I read your note in bed last night, and that might be the reason of my sleeping so much better. I think Mr Brown is right in supposing you may stop too long with me, so very nervous as I am. Send me every evening a written Good night. If you come for a few minutes about six it may be the best time. Should you ever fancy me too low-spirited I must warn you to ascbribe [for ascribe] it to the medicine I am at present taking which is of a nerve-shaking nature – I shall impute any depression I may experience to this cause. I have been writing with a vile old pen the whole week, which is excessively ungallant. The fault is in the Quill: I have mended it and still it is very much inclin’d to make blind es. However these last lines are in a much better style of penmanship thof [for though] a little disfigured by the smear of black currant jelly; which has made a little mark on one of the Pages of Brown’s Ben Jonson, the very best book he has. I have lick’d it but it remains very purplue [for purple]. I did not know whether to say purple or blue, so in the mixture of the thought wrote purplue which may be an excellent name for a colour made up of those two, and would suit well to start next spring. Be very careful of open doors and windows and going without your duffle grey God bless you Love ! –
J. Keats-
P .S. I am sitting in the back room – Remember me to your Mother –

February (?) 1820
My dear Fanny,
Do not let your mother suppose that you hurt me by writing at night. For some reason or other your last night’s note was not so treasureable as former ones. I would fain that you call me Love still. To see you happy and in high spirits is a great consolation to me – still let me believe that you are not half so happy as my restoration would make you. I am nervous, I own, and may think myself worse than I really am; if so you must indulge me, and pamper with that sort of tenderness you have manifested towards me in different Letters. My sweet creature when I look back upon the pains and torments I have suffer’d for you from the day I left you to go to the Isle of Wight; the ecstasies in which I have pass’d some days and the miseries in their turn, I wonder the more at the Beauty which has kept up the spell so fervently. When I send this round I shall be in the front parlour watching to see you show yourself for a minute in the garden. How illness stands as a barrier betwixt me and you! Even if I was well – I must make myself as good a Philosopher as possible. Now I have had opportunities of passing nights anxious and awake I have found other thoughts intrude upon me. “If I should die,” said I to myself, “I have left no immortal work behind me – nothing to make my friends proud of my memory – but I have lov’d the principle of beauty in all things, and if I had had time I would have made myself remember’d.” Thoughts like these came very feebly whilst I was in health and every pulse beat for you – now you divide with this (may I say it?) “last infirmity of noble minds” all my reflection.
God bless you, Love.
J. Keats.

24 (?) February 1820
My dearest Girl,
Indeed I will not deceive you with respect to my Health. This is the fact as far as I know. I have been confined three weeks and am not yet well – this proves that there is something wrong about me which my constitution will either conquer or give way to – Let us hope for the best. Do you hear the Th[r]ush singing over the field? I think it is a sign of mild weather – so much the better for me. Like all Sinners now I am ill I philosophise, aye out of my attachment to every thing, Trees, flowers, Thrushes Sp[ r]ing, Summer, Claret &c &c aye every thing but you – – my Sister would be glad of my company a little longer. That Thrush is a fine fellow. I hope he was fortunate in his choice this year. Do not send any more of my Books home. I have a great pleasure in the thought of you looking on them.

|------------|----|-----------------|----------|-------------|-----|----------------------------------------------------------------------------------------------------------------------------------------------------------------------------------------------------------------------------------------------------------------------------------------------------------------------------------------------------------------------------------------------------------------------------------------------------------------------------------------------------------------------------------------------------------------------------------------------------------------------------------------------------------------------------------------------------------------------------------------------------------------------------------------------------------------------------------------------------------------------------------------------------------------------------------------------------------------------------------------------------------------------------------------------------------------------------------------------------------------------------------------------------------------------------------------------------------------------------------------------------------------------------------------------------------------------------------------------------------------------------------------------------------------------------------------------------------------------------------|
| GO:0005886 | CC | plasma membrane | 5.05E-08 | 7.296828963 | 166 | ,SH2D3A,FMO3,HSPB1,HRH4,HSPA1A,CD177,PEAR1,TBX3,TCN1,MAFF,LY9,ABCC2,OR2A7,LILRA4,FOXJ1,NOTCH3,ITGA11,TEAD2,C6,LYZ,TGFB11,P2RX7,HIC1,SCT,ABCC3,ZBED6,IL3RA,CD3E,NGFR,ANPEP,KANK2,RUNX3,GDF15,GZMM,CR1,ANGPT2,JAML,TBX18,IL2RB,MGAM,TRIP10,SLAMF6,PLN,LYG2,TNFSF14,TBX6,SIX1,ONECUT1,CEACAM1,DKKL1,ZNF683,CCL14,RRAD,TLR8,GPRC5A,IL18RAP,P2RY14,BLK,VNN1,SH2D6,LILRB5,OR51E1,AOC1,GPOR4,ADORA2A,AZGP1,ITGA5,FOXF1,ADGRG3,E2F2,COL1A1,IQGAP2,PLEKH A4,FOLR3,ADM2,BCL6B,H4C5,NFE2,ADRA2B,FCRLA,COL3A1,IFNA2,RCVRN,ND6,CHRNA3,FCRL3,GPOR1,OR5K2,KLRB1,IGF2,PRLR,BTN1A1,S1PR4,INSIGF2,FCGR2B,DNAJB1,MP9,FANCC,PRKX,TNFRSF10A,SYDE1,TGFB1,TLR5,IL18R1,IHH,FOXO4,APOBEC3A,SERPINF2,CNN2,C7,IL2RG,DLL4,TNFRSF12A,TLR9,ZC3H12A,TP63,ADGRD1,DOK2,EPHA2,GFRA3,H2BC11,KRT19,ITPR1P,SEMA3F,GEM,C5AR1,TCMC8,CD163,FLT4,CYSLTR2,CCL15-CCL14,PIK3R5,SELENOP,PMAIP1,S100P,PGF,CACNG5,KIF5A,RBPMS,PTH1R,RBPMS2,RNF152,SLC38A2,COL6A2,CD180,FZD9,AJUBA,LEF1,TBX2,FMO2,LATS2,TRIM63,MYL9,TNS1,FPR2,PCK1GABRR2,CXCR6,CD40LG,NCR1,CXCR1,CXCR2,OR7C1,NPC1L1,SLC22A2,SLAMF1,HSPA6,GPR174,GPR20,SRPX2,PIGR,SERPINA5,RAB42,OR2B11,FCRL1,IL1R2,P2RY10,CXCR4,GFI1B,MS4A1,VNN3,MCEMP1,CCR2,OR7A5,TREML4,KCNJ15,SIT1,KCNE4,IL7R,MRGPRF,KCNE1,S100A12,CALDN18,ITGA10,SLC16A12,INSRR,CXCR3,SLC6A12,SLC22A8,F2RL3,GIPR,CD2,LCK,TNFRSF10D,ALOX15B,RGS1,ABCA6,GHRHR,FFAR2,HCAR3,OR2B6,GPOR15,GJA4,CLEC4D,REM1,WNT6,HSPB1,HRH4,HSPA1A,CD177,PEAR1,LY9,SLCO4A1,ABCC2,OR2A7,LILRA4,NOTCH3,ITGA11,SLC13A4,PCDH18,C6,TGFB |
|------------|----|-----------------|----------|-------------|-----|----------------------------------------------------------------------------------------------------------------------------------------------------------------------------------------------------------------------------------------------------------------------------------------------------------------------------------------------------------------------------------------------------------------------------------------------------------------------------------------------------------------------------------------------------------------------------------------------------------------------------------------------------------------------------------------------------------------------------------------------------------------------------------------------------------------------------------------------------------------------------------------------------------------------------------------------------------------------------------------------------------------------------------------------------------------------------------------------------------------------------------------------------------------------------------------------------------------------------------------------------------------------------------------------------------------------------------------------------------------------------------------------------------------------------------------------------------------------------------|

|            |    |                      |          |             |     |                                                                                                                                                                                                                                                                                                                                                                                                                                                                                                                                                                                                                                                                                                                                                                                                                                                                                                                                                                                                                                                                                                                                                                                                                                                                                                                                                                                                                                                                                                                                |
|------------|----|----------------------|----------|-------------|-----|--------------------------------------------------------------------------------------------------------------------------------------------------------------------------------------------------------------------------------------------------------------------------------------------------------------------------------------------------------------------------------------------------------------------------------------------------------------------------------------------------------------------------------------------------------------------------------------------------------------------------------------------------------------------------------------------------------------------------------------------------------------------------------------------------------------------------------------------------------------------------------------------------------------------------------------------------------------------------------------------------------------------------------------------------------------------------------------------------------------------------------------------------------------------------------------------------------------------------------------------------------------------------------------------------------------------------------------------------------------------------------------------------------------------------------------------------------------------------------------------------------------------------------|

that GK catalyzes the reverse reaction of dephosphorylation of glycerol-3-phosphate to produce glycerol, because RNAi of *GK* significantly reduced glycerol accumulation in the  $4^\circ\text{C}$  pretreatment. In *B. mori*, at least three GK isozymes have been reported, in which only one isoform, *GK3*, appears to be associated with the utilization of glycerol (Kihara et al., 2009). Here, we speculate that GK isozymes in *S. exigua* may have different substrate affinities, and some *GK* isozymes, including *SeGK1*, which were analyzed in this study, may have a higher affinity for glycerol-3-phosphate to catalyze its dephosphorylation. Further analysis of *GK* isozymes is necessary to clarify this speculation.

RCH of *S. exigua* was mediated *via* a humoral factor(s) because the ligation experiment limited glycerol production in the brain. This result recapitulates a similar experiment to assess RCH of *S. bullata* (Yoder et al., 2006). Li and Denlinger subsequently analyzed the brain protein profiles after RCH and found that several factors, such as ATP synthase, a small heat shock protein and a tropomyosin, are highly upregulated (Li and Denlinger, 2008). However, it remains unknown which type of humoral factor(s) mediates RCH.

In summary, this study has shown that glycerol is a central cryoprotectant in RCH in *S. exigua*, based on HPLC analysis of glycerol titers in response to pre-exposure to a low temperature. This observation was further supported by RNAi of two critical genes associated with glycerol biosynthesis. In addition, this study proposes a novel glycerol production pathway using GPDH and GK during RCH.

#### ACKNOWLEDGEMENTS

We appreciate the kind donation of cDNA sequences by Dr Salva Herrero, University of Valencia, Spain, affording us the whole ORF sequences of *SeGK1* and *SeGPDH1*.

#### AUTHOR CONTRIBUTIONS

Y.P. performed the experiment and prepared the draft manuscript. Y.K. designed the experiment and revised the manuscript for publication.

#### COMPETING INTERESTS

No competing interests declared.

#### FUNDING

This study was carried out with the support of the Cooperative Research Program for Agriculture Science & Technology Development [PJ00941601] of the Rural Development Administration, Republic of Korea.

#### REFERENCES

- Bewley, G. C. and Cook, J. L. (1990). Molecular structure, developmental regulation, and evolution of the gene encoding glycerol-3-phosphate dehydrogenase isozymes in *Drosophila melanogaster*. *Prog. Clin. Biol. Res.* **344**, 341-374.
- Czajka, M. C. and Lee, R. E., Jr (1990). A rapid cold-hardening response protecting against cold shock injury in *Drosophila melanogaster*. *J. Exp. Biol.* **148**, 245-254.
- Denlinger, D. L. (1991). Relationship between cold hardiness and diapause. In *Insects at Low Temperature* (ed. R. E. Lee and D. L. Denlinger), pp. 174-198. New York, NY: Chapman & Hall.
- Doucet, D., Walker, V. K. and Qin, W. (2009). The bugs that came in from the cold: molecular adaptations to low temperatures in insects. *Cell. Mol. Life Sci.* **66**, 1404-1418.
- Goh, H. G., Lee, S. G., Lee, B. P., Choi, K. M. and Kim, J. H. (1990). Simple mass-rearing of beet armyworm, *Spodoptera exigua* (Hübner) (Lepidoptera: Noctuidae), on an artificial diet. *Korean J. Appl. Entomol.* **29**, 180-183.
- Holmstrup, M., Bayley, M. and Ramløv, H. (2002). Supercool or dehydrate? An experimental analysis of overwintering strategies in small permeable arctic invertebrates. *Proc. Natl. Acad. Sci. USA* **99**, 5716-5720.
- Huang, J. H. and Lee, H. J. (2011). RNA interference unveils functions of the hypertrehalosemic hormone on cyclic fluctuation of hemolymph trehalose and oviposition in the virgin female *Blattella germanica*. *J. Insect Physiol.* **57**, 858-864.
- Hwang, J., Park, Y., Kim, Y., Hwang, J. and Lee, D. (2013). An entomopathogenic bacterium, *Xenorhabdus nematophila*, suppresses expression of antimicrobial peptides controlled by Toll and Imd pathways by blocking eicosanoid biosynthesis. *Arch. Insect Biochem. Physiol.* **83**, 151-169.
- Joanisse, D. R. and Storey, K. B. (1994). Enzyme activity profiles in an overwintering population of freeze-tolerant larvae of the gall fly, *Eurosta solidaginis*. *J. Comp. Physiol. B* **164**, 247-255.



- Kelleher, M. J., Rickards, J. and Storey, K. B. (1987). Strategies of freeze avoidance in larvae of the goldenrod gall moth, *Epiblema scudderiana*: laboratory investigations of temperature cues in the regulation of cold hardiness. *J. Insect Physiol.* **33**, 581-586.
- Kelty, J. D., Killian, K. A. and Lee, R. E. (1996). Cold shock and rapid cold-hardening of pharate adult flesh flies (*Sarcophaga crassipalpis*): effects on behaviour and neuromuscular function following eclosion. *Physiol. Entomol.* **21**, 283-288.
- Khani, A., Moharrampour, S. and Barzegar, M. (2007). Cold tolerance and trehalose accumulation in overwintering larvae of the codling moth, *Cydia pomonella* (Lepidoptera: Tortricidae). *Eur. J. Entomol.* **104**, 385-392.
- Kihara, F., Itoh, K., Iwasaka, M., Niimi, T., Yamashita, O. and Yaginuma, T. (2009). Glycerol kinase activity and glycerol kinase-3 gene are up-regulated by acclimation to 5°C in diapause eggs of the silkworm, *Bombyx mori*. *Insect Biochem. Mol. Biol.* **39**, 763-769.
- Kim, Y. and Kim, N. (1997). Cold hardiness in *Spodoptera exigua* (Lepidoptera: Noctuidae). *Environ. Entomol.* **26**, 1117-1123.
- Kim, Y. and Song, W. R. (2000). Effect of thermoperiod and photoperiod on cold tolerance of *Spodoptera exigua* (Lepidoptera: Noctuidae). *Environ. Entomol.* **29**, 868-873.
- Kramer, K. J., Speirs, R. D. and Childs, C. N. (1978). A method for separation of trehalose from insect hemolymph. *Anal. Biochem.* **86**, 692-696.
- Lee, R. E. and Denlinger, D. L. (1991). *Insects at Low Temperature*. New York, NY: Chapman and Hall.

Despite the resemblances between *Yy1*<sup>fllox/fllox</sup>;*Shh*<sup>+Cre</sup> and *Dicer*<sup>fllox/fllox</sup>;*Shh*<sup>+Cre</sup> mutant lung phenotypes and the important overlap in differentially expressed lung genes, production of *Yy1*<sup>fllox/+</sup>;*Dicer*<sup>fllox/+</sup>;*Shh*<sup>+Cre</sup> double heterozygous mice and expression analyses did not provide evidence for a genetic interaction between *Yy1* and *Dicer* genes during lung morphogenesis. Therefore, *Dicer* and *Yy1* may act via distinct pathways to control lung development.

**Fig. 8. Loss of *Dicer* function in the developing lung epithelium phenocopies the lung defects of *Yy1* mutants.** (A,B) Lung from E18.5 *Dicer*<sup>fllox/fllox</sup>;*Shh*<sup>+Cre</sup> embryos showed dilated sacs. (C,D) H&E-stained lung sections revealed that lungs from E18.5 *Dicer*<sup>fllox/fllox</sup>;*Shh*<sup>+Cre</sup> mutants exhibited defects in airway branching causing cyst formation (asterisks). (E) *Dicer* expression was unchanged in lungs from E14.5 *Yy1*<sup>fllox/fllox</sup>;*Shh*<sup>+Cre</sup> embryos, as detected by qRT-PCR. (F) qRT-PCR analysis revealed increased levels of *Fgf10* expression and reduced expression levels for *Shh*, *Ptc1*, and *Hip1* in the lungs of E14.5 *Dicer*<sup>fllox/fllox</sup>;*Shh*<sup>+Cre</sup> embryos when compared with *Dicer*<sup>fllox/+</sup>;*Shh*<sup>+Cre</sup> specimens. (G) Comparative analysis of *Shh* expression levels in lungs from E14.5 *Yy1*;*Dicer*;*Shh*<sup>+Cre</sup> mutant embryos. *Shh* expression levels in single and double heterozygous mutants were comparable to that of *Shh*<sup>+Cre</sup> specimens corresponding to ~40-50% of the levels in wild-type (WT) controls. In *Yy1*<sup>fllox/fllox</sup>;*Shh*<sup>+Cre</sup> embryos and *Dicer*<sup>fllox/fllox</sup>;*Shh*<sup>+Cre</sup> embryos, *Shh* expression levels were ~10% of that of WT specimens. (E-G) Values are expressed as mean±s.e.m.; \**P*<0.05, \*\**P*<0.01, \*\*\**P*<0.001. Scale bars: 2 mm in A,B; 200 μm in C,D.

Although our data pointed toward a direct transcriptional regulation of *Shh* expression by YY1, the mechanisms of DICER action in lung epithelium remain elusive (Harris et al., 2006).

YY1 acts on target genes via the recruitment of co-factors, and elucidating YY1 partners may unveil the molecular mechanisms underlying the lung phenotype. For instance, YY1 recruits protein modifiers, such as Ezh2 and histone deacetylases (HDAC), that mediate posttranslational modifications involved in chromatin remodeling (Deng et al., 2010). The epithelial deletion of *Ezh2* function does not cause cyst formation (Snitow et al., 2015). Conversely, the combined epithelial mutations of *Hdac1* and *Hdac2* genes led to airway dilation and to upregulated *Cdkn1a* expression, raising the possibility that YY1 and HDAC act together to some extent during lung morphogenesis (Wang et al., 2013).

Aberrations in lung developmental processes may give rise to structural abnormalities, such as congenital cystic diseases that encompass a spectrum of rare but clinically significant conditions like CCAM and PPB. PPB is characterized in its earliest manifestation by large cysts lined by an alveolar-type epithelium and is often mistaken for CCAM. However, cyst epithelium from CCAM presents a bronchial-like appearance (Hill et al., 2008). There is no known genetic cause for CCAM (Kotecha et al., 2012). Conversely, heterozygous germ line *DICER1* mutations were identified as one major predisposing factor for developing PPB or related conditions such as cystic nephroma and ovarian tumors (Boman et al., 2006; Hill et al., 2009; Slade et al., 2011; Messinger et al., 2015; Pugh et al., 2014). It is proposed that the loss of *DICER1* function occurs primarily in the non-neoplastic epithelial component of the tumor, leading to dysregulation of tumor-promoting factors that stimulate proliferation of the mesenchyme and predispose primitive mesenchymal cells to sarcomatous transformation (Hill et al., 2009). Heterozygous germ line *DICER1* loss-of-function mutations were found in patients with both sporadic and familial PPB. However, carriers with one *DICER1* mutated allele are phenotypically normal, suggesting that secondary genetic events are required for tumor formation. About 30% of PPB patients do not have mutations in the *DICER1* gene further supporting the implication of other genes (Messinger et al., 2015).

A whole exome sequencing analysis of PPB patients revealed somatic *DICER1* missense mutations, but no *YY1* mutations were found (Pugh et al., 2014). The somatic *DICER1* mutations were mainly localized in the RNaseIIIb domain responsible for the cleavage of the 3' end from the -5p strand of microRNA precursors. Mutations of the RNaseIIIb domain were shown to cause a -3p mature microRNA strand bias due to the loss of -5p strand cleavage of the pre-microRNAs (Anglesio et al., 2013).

Ever yours
my sweet Fanny
J-K-

27 (?) February 1820
My dearest Fanny,
I had a better night last night than I have had since my attack, and this morning I am the same as when you saw me. I have been turning over two volumes of Letters written between Ro[u]sseau and two Ladies in the perplexed strain of mingled finesse and sentiment in which the Ladies and gentlemen of those days were so clever, and which is still prevalent among Ladies of this Country who live in a state of reasoning romance. The Likeness however only extends to the mannerism not to the dexterity. What would Rousseau have said at seeing our little correspondence! What would his Ladies have said! I don’t care much – I would sooner have Shakspeare’s opinion about the matter. The common gossiping of washerwomen must be less disgusting than the continual and eternal fence and attack of Rousseau and these sublime Petticoats. One calls herself Clara and her friend Julia two of Ro[u]sseau’s Heroines – they all the same time christen poor Jean Jacques St Preux – who is the pure cavalier of his famous novel. Thank God I am born in England with our own great Men before my eyes – Thank god that you are fair and can love me without being Letter-written and sentimentaliz’d into it – Mr Barry Cornwall has sent me another Book, his first, with a polite note – I must do what I can to make him sensible of the esteem I have for his kindness. If this north east would take a turn it would be so much the better for me. Good bye, my love, my dear love, my beauty-
love me for ever-
J-K-

[Text of letters from Hanson, Marilee. “John Keats Letter To Fanny Keats, 14 February 1820” https://englishhistory.net/keats/letters/fanny-keats-14-february-1820/, March 17, 2015, accessed 28 February 2020]